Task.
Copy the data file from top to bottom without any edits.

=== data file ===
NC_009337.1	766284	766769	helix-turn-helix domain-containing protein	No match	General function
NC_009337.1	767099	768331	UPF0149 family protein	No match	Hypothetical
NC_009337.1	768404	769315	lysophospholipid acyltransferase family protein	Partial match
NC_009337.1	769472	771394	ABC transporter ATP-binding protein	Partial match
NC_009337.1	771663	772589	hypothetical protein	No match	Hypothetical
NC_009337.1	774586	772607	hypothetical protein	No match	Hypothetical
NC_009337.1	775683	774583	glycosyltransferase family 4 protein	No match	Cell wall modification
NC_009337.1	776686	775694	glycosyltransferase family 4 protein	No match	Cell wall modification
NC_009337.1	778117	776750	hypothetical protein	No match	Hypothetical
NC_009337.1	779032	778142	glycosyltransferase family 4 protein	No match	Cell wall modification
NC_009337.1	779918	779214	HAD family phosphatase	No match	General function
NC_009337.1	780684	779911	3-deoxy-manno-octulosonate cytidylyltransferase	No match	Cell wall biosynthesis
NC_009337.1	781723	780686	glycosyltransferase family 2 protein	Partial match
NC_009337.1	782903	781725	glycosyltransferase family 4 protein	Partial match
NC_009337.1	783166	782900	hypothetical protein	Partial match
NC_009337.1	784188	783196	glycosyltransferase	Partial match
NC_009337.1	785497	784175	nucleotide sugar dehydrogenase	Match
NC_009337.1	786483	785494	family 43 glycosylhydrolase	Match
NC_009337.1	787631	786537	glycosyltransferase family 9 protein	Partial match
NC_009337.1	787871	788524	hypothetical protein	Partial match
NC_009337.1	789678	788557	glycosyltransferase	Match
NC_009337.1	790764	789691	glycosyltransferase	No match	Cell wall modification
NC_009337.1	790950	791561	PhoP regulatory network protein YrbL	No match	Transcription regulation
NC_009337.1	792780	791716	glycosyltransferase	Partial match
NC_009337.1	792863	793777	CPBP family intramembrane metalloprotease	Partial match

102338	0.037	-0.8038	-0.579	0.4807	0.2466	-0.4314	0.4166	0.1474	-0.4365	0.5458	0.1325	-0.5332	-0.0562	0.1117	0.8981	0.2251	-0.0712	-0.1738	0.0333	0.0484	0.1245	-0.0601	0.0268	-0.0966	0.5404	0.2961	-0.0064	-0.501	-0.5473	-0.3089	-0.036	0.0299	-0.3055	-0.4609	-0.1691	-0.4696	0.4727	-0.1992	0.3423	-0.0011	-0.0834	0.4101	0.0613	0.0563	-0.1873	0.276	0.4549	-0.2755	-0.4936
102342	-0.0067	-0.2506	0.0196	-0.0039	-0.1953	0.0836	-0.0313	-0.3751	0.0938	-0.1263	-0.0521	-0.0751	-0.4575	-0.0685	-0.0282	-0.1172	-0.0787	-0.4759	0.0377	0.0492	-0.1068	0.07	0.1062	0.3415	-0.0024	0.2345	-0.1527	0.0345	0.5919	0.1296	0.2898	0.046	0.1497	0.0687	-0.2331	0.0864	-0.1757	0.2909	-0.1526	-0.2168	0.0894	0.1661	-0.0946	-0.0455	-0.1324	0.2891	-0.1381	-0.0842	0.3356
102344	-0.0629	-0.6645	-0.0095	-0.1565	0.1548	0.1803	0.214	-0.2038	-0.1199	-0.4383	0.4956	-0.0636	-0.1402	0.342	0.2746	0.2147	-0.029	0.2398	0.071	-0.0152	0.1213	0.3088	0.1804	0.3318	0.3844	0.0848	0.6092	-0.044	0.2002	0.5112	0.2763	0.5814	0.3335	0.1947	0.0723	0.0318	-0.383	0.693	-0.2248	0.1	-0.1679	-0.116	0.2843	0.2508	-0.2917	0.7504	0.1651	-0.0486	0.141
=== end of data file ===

NC_009337.1	766284	766769	helix-turn-helix domain-containing protein	No match	General function
NC_009337.1	767099	768331	UPF0149 family protein	No match	Hypothetical
NC_009337.1	768404	769315	lysophospholipid acyltransferase family protein	Partial match
NC_009337.1	769472	771394	ABC transporter ATP-binding protein	Partial match
NC_009337.1	771663	772589	hypothetical protein	No match	Hypothetical
NC_009337.1	774586	772607	hypothetical protein	No match	Hypothetical
NC_009337.1	775683	774583	glycosyltransferase family 4 protein	No match	Cell wall modification
NC_009337.1	776686	775694	glycosyltransferase family 4 protein	No match	Cell wall modification
NC_009337.1	778117	776750	hypothetical protein	No match	Hypothetical
NC_009337.1	779032	778142	glycosyltransferase family 4 protein	No match	Cell wall modification
NC_009337.1	779918	779214	HAD family phosphatase	No match	General function
NC_009337.1	780684	779911	3-deoxy-manno-octulosonate cytidylyltransferase	No match	Cell wall biosynthesis
NC_009337.1	781723	780686	glycosyltransferase family 2 protein	Partial match
NC_009337.1	782903	781725	glycosyltransferase family 4 protein	Partial match
NC_009337.1	783166	782900	hypothetical protein	Partial match
NC_009337.1	784188	783196	glycosyltransferase	Partial match
NC_009337.1	785497	784175	nucleotide sugar dehydrogenase	Match
NC_009337.1	786483	785494	family 43 glycosylhydrolase	Match
NC_009337.1	787631	786537	glycosyltransferase family 9 protein	Partial match
NC_009337.1	787871	788524	hypothetical protein	Partial match
NC_009337.1	789678	788557	glycosyltransferase	Match
NC_009337.1	790764	789691	glycosyltransferase	No match	Cell wall modification
NC_009337.1	790950	791561	PhoP regulatory network protein YrbL	No match	Transcription regulation
NC_009337.1	792780	791716	glycosyltransferase	Partial match
NC_009337.1	792863	793777	CPBP family intramembrane metalloprotease	Partial match

102338	0.037	-0.8038	-0.579	0.4807	0.2466	-0.4314	0.4166	0.1474	-0.4365	0.5458	0.1325	-0.5332	-0.0562	0.1117	0.8981	0.2251	-0.0712	-0.1738	0.0333	0.0484	0.1245	-0.0601	0.0268	-0.0966	0.5404	0.2961	-0.0064	-0.501	-0.5473	-0.3089	-0.036	0.0299	-0.3055	-0.4609	-0.1691	-0.4696	0.4727	-0.1992	0.3423	-0.0011	-0.0834	0.4101	0.0613	0.0563	-0.1873	0.276	0.4549	-0.2755	-0.4936
102342	-0.0067	-0.2506	0.0196	-0.0039	-0.1953	0.0836	-0.0313	-0.3751	0.0938	-0.1263	-0.0521	-0.0751	-0.4575	-0.0685	-0.0282	-0.1172	-0.0787	-0.4759	0.0377	0.0492	-0.1068	0.07	0.1062	0.3415	-0.0024	0.2345	-0.1527	0.0345	0.5919	0.1296	0.2898	0.046	0.1497	0.0687	-0.2331	0.0864	-0.1757	0.2909	-0.1526	-0.2168	0.0894	0.1661	-0.0946	-0.0455	-0.1324	0.2891	-0.1381	-0.0842	0.3356
102344	-0.0629	-0.6645	-0.0095	-0.1565	0.1548	0.1803	0.214	-0.2038	-0.1199	-0.4383	0.4956	-0.0636	-0.1402	0.342	0.2746	0.2147	-0.029	0.2398	0.071	-0.0152	0.1213	0.3088	0.1804	0.3318	0.3844	0.0848	0.6092	-0.044	0.2002	0.5112	0.2763	0.5814	0.3335	0.1947	0.0723	0.0318	-0.383	0.693	-0.2248	0.1	-0.1679	-0.116	0.2843	0.2508	-0.2917	0.7504	0.1651	-0.0486	0.141